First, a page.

Okay, I'll spell it out for you now since you cannot comprehend what just happened:   If something compels a response, it does NOT mean it is good just because it compelled a response, since pure error and evil most often compel a response.
 

Anonimus

Re: Election of a Pope
« Reply #18 on: December 19, 2017, 09:36:45 PM »
I'm sure this quote hasa been posted here somewhere before, but seems relevant again:

Cardinal Billot, S.J. expressly denies that God could allow a false Pope to be recognized as a true Pope:

“Finally, whatever you still think about the possibility or impossibility of the aforementioned hypothesis [a Pope becoming a heretic], at least one point should be considered absolutely incontrovertible, and placed firmly above any doubt whatever: The adhesion of the universal Church will be always, in itself, an infallible sign of the legitimacy of a determined Pontiff, and therefore also of the existence of all the conditions required for legitimacy itself…As will become even more clear by what we shall say later, God can permit that at times a vacancy in the Apostolic See be prolonged for a long time.  He can also permit that doubt arise about the legitimacy of this or that election.  He cannot however permit the whole Church to accept as Pontiff him who is not so truly and legitimately.

Therefore, from the moment in which the Pope is accepted by the Church and united to her as the head to the body, it is no longer permitted to raise doubts about a possible vice of election or a possible lack of any condition whatsoever necessary for legitimacy.  For the aforementioned adhesion of the Church heals in the root all fault in the election and proves infallibly the existence of all the required conditions.”  (Billot, Tractatus de Ecclesia Christi, vol. I, pp. 612-613)

https://archive.org/stream/tractatusdeeccle01bill#page/612/mode/2up

Note: Translation is by Siscoe/Salza.

This doesn't even matter. The only thing the Church has retained from all the theologians, theologically and by divine law, is that if a pope becomes a manifest heretic while in office, we know from that time he is not a true pope.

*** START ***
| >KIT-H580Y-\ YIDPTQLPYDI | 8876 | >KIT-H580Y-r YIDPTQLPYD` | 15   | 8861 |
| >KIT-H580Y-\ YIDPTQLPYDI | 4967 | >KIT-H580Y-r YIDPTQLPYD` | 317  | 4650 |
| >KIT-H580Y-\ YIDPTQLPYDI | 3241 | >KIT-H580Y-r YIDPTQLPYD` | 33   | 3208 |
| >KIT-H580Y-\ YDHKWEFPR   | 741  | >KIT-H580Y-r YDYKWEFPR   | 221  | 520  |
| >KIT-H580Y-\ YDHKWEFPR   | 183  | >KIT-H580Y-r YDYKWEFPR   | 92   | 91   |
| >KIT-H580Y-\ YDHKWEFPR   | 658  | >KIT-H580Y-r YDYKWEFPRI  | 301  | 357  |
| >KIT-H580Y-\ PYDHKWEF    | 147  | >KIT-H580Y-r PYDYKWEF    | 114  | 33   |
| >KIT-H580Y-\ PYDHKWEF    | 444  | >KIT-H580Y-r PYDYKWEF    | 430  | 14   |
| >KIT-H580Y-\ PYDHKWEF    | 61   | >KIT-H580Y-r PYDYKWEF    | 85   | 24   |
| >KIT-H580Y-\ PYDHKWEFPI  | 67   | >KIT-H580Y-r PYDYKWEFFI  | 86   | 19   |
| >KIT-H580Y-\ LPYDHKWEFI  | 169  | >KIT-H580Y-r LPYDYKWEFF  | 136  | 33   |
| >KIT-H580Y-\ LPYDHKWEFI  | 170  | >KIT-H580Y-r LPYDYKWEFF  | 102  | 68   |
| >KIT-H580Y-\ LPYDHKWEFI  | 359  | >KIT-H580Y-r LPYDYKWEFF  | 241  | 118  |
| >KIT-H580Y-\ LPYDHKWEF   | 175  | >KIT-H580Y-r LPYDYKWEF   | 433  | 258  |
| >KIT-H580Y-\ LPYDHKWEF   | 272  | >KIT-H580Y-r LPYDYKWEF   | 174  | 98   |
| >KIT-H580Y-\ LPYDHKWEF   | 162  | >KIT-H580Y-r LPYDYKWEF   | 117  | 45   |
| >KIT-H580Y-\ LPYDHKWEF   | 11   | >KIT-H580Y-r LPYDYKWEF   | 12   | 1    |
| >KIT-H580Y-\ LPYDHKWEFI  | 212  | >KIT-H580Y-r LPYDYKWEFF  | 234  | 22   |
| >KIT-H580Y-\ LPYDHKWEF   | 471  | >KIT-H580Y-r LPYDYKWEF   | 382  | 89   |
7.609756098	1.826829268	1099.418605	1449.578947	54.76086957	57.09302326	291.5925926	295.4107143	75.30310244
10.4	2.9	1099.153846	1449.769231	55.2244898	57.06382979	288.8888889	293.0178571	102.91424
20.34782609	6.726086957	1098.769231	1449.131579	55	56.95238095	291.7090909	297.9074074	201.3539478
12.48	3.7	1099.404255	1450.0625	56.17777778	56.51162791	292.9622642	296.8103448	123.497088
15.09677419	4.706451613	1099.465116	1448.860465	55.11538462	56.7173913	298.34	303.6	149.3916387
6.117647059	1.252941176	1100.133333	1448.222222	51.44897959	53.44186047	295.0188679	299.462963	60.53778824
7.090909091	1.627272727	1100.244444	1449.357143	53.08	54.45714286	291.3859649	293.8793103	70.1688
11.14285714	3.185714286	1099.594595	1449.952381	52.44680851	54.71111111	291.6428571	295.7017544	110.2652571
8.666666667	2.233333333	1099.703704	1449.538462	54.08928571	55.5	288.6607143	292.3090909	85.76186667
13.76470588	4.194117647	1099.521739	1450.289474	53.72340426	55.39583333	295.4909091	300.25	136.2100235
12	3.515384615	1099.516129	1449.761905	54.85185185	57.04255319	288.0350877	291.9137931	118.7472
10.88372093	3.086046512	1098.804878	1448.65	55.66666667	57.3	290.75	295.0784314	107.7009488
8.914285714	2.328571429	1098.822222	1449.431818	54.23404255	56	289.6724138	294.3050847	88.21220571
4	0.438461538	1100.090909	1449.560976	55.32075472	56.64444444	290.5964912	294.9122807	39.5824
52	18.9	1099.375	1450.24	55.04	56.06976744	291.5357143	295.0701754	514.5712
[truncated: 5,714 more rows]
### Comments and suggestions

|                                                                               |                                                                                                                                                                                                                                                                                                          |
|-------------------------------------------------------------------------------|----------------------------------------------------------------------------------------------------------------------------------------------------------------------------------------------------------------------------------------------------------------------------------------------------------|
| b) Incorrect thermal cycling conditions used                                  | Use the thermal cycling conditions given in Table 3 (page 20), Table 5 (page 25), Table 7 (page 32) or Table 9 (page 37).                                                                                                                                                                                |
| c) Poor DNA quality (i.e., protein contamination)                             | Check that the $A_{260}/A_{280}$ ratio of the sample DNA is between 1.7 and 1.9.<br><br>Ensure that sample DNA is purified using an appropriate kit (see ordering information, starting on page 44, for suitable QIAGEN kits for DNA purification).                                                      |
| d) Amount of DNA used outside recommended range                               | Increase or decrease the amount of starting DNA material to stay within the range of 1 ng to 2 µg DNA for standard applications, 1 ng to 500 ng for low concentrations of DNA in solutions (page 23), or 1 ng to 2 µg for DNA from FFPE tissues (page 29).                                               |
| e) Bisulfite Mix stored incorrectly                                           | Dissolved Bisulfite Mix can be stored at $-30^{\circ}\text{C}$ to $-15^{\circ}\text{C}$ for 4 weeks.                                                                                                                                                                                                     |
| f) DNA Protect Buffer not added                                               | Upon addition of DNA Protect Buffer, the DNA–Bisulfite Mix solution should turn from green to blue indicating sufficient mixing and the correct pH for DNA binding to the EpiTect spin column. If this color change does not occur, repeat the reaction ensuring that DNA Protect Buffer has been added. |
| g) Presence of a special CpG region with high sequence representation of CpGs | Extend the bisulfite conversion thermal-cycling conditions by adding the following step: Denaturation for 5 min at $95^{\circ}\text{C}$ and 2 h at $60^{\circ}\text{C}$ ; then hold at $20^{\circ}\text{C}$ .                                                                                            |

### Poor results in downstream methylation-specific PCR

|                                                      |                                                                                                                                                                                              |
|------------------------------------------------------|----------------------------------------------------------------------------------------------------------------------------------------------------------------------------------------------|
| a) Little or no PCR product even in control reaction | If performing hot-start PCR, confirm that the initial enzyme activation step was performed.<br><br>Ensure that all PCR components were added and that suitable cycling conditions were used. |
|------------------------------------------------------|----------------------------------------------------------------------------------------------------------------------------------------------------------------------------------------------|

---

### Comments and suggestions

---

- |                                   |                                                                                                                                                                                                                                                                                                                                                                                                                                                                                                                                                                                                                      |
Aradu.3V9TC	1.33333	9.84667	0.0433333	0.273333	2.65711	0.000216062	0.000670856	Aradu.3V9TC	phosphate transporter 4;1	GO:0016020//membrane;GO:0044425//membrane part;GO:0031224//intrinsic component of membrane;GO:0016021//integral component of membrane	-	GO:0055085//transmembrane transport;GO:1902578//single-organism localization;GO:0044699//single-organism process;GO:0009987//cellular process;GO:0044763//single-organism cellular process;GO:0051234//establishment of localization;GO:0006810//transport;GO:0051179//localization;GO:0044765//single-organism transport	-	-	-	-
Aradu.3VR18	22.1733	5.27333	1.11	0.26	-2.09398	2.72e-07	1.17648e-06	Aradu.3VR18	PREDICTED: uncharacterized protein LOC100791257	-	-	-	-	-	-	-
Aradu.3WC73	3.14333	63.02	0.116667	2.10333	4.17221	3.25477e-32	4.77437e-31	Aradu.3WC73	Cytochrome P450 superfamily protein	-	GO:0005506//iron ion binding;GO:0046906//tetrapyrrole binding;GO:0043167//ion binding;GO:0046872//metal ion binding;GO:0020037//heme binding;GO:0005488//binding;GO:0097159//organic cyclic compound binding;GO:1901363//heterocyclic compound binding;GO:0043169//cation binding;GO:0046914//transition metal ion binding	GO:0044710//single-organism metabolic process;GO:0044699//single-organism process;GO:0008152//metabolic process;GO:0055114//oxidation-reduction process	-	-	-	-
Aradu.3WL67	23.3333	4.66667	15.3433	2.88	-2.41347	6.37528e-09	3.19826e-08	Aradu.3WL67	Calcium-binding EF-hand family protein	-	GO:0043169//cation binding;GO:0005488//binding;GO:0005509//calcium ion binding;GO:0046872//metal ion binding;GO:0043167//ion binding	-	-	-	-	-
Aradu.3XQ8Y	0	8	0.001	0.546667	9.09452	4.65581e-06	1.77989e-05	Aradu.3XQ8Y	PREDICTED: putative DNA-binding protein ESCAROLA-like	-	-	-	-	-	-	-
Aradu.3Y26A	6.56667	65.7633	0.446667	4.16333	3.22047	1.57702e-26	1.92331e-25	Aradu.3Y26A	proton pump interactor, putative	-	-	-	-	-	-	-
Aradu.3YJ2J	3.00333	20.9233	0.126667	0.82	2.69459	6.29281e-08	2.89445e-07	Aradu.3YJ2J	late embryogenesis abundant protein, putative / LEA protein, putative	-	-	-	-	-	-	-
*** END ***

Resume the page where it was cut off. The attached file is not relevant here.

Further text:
It mattered enough to compel a response from you!

PS: Manifest heretic according to who?  You, or the Church?

Do you see how silly it is what you just responded with?  If the Devil tells a lie and I say it doesn't matter, what good is it for the Devil to say that it mattered enough to compel me to respond to him?

Translation: "Gee, that's a good point.  Not sure how to respond, so I will maintain my answer without addressing the question." 

Rather habitual.

Okay, I'll spell it out for you now since you cannot comprehend what just happened:   If something compels a response, it does NOT mean it is good just because it compelled a response, since pure error and evil most often compel a response.

That's dodge #2.

At Dodge #3, I will bid adieu.
 

Rubecorks

Re: Election of a Pope
« Reply #19 on: December 20, 2017, 02:59:35 AM »
I'm sure this quote hasa been posted here somewhere before, but seems relevant again:

Cardinal Billot, S.J. expressly denies that God could allow a false Pope to be recognized as a true Pope:

“Finally, whatever you still think about the possibility or impossibility of the aforementioned hypothesis [a Pope becoming a heretic], at least one point should be considered absolutely incontrovertible, and placed firmly above any doubt whatever: The adhesion of the universal Church will be always, in itself, an infallible sign of the legitimacy of a determined Pontiff, and therefore also of the existence of all the conditions required for legitimacy itself…As will become even more clear by what we shall say later, God can permit that at times a vacancy in the Apostolic See be prolonged for a long time.  He can also permit that doubt arise about the legitimacy of this or that election.  He cannot however permit the whole Church to accept as Pontiff him who is not so truly and legitimately.

Therefore, from the moment in which the Pope is accepted by the Church and united to her as the head to the body, it is no longer permitted to raise doubts about a possible vice of election or a possible lack of any condition whatsoever necessary for legitimacy.  For the aforementioned adhesion of the Church heals in the root all fault in the election and proves infallibly the existence of all the required conditions.”  (Billot, Tractatus de Ecclesia Christi, vol. I, pp. 612-613)

https://archive.org/stream/tractatusdeeccle01bill#page/612/mode/2up

Note: Translation is by Siscoe/Salza.

This doesn't even matter. The only thing the Church has retained from all the theologians, theologically and by divine law, is that if a pope becomes a manifest heretic while in office, we know from that time he is not a true pope.

It mattered enough to compel a response from you!

PS: Manifest heretic according to who?  You, or the Church?

Do you see how silly it is what you just responded with?  If the Devil tells a lie and I say it doesn't matter, what good is it for the Devil to say that it mattered enough to compel me to respond to him?

Translation: "Gee, that's a good point.  Not sure how to respond, so I will maintain my answer without addressing the question." 

Rather habitual.

Okay, I'll spell it out for you now since you cannot comprehend what just happened:   If something compels a response, it does NOT mean it is good just because it compelled a response, since pure error and evil most often compel a response.

That's dodge #2.

At Dodge #3, I will bid adieu.

Sum up concisely in your own words what question or truth I am avoiding.